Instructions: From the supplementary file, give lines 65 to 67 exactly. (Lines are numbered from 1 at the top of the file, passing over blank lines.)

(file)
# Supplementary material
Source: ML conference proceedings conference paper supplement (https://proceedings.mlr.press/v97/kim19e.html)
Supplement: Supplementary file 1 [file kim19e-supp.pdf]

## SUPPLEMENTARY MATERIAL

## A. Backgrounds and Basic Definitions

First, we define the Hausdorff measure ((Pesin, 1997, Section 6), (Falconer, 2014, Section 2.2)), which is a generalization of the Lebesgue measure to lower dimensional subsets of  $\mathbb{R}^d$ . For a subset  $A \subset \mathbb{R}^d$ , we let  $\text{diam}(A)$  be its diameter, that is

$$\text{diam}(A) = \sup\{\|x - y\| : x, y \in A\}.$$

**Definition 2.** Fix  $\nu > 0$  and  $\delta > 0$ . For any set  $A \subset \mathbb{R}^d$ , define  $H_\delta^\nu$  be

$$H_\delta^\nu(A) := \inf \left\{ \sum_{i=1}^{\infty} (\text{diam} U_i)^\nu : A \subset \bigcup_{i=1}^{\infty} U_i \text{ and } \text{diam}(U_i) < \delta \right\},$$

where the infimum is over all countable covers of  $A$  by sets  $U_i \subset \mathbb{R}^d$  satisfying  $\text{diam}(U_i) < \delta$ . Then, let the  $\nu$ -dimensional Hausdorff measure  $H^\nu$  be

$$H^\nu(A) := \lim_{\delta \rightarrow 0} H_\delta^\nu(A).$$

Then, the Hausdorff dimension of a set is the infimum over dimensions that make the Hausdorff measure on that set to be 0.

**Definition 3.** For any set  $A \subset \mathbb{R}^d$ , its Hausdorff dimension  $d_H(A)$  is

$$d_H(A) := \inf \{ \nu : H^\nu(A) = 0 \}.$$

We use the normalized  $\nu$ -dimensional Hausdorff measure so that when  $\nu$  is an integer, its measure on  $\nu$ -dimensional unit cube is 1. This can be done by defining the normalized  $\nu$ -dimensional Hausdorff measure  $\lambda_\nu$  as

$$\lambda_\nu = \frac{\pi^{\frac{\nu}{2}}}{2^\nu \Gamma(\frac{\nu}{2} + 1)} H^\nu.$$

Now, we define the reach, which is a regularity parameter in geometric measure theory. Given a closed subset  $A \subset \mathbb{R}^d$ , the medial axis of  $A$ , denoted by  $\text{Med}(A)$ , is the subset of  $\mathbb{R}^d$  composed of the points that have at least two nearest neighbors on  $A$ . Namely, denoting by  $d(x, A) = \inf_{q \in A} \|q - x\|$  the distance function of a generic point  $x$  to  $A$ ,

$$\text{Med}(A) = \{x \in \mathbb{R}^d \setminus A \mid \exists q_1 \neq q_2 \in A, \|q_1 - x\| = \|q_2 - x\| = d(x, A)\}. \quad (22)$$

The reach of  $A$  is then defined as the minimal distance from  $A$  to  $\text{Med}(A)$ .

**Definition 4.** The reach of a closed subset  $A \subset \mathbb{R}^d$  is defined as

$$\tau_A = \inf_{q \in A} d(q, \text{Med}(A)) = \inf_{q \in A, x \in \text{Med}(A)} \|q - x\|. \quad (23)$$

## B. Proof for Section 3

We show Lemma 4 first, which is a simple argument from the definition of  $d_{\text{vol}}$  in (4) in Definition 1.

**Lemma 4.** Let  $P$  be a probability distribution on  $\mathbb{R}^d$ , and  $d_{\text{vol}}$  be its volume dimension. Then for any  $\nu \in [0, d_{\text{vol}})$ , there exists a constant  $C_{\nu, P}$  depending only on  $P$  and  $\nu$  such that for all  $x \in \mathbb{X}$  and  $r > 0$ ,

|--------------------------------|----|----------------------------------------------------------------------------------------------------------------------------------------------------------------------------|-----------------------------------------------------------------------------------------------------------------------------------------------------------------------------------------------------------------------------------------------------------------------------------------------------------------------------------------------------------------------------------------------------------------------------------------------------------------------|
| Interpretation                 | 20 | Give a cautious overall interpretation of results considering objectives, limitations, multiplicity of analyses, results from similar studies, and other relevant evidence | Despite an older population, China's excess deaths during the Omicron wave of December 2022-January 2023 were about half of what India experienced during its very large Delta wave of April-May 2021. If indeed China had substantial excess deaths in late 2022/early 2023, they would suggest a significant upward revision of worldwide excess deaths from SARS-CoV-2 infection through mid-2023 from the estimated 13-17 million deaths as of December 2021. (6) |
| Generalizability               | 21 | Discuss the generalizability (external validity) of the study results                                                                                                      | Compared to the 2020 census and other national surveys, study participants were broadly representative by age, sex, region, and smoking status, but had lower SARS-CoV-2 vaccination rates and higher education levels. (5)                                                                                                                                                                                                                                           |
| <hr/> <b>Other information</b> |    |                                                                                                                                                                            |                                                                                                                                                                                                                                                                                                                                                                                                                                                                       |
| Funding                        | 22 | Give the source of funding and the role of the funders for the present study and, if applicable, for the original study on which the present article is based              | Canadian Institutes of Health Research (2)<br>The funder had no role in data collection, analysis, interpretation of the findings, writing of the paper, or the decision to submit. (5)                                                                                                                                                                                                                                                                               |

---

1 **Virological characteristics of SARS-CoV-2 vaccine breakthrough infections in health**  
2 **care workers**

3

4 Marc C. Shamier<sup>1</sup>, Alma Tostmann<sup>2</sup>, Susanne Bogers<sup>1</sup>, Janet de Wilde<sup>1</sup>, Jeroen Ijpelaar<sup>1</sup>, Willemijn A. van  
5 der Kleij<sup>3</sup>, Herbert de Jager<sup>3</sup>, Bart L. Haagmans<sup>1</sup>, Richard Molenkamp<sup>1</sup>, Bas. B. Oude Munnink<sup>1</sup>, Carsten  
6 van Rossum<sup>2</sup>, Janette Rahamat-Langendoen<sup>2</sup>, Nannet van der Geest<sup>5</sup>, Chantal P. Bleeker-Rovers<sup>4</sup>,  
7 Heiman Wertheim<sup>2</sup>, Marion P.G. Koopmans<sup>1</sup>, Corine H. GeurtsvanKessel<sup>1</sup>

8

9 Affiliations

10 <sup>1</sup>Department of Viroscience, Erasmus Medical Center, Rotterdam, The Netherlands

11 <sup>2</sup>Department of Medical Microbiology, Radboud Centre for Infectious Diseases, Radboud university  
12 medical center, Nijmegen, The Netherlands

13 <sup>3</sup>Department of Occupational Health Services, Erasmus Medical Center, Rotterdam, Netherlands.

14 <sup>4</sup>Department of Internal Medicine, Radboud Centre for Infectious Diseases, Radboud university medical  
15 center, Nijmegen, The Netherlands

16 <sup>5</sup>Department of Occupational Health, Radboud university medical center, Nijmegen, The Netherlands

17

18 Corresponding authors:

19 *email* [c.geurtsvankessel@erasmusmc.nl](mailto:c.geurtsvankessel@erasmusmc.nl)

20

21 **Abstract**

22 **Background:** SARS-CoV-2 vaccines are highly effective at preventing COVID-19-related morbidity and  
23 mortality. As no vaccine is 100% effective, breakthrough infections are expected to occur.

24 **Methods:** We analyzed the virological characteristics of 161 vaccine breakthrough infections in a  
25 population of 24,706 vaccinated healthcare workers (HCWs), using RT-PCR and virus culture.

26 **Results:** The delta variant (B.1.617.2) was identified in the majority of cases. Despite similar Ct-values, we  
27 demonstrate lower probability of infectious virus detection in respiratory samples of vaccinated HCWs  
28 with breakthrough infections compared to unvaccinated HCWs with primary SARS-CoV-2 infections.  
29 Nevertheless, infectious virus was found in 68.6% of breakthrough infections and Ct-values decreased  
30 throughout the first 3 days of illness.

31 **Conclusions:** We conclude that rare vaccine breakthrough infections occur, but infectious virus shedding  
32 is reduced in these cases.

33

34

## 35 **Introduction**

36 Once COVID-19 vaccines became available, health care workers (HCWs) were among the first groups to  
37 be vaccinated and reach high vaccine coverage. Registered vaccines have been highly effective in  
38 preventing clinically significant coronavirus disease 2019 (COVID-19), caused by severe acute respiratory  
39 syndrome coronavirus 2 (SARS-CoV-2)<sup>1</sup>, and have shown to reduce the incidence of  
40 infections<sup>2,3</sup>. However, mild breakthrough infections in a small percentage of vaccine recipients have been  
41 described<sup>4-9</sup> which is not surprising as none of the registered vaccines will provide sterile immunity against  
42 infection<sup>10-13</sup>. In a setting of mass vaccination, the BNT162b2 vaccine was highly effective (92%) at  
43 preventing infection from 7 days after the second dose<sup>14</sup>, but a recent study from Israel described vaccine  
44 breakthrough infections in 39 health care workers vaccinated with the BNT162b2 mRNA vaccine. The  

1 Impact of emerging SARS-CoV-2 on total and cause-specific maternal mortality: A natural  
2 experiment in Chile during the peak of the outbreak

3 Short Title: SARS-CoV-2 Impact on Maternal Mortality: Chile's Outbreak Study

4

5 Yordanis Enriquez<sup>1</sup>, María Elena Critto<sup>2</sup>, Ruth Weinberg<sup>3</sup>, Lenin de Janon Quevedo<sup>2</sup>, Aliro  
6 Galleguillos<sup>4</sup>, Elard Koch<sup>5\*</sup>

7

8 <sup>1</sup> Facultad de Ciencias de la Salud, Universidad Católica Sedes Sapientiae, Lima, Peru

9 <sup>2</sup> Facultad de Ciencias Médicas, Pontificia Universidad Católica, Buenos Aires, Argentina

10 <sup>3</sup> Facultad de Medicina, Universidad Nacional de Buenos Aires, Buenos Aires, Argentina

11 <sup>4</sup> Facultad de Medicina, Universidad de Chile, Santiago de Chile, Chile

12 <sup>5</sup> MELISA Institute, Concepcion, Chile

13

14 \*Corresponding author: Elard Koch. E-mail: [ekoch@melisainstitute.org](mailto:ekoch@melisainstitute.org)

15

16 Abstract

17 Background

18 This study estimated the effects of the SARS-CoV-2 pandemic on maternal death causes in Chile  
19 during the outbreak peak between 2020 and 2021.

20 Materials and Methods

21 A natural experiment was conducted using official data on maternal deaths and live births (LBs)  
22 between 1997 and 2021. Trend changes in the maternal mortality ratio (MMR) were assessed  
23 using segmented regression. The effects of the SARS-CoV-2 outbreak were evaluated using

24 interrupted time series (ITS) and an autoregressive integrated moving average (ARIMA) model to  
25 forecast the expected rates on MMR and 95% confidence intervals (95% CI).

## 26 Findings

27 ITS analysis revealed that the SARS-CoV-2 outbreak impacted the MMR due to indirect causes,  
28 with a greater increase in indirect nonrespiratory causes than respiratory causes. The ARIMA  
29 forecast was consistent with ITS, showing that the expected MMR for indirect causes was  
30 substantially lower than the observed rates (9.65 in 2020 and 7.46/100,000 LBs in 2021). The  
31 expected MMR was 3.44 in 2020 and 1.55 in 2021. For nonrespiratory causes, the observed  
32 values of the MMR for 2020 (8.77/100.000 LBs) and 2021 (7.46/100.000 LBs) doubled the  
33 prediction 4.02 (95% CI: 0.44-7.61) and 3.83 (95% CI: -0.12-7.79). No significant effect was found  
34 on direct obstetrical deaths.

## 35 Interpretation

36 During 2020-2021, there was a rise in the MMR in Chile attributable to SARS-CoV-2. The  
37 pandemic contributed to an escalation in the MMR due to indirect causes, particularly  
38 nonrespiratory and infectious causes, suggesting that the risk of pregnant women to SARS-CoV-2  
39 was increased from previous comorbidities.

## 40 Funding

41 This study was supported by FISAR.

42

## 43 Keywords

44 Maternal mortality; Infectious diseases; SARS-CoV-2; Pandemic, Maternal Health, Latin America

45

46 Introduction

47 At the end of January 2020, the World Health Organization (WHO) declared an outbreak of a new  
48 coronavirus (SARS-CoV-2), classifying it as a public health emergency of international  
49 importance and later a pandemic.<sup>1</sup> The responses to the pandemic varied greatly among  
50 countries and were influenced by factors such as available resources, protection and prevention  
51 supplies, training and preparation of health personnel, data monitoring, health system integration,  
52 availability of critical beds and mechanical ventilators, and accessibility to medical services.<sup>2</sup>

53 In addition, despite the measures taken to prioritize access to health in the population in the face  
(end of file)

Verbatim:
## 35 **Introduction**

36 Once COVID-19 vaccines became available, health care workers (HCWs) were among the first groups to  
37 be vaccinated and reach high vaccine coverage. Registered vaccines have been highly effective in  